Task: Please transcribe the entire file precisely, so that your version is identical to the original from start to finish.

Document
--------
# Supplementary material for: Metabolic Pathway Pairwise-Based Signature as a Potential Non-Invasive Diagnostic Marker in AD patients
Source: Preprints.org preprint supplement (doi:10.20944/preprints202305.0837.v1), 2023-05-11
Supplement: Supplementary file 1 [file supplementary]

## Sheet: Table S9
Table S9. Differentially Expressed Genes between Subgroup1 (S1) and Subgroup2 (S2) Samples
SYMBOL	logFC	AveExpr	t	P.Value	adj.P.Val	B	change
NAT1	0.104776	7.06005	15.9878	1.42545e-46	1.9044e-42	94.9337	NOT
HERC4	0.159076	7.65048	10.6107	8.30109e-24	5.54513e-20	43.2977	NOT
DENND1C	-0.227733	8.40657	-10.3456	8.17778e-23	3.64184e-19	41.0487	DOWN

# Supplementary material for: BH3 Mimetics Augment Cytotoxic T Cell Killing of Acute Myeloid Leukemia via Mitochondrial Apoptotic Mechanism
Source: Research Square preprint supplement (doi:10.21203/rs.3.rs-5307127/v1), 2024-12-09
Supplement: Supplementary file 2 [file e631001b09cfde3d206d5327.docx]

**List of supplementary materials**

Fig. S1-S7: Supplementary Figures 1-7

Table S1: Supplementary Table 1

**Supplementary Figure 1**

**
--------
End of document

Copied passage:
# Supplementary material for: Metabolic Pathway Pairwise-Based Signature as a Potential Non-Invasive Diagnostic Marker in AD patients
Source: Preprints.org preprint supplement (doi:10.20944/preprints202305.0837.v1), 2023-05-11
Supplement: Supplementary file 1 [file supplementary]

## Sheet: Table S9
Table S9. Differentially Expressed Genes between Subgroup1 (S1) and Subgroup2 (S2) Samples
SYMBOL	logFC	AveExpr	t	P.Value	adj.P.Val	B	change
NAT1	0.104776	7.06005	15.9878	1.42545e-46	1.9044e-42	94.9337	NOT
HERC4	0.159076	7.65048	10.6107	8.30109e-24	5.54513e-20	43.2977	NOT
DENND1C	-0.227733	8.40657	-10.3456	8.17778e-23	3.64184e-19	41.0487	DOWN

# Supplementary material for: BH3 Mimetics Augment Cytotoxic T Cell Killing of Acute Myeloid Leukemia via Mitochondrial Apoptotic Mechanism
Source: Research Square preprint supplement (doi:10.21203/rs.3.rs-5307127/v1), 2024-12-09
Supplement: Supplementary file 2 [file e631001b09cfde3d206d5327.docx]

**List of supplementary materials**

Fig. S1-S7: Supplementary Figures 1-7

Table S1: Supplementary Table 1

**Supplementary Figure 1**

**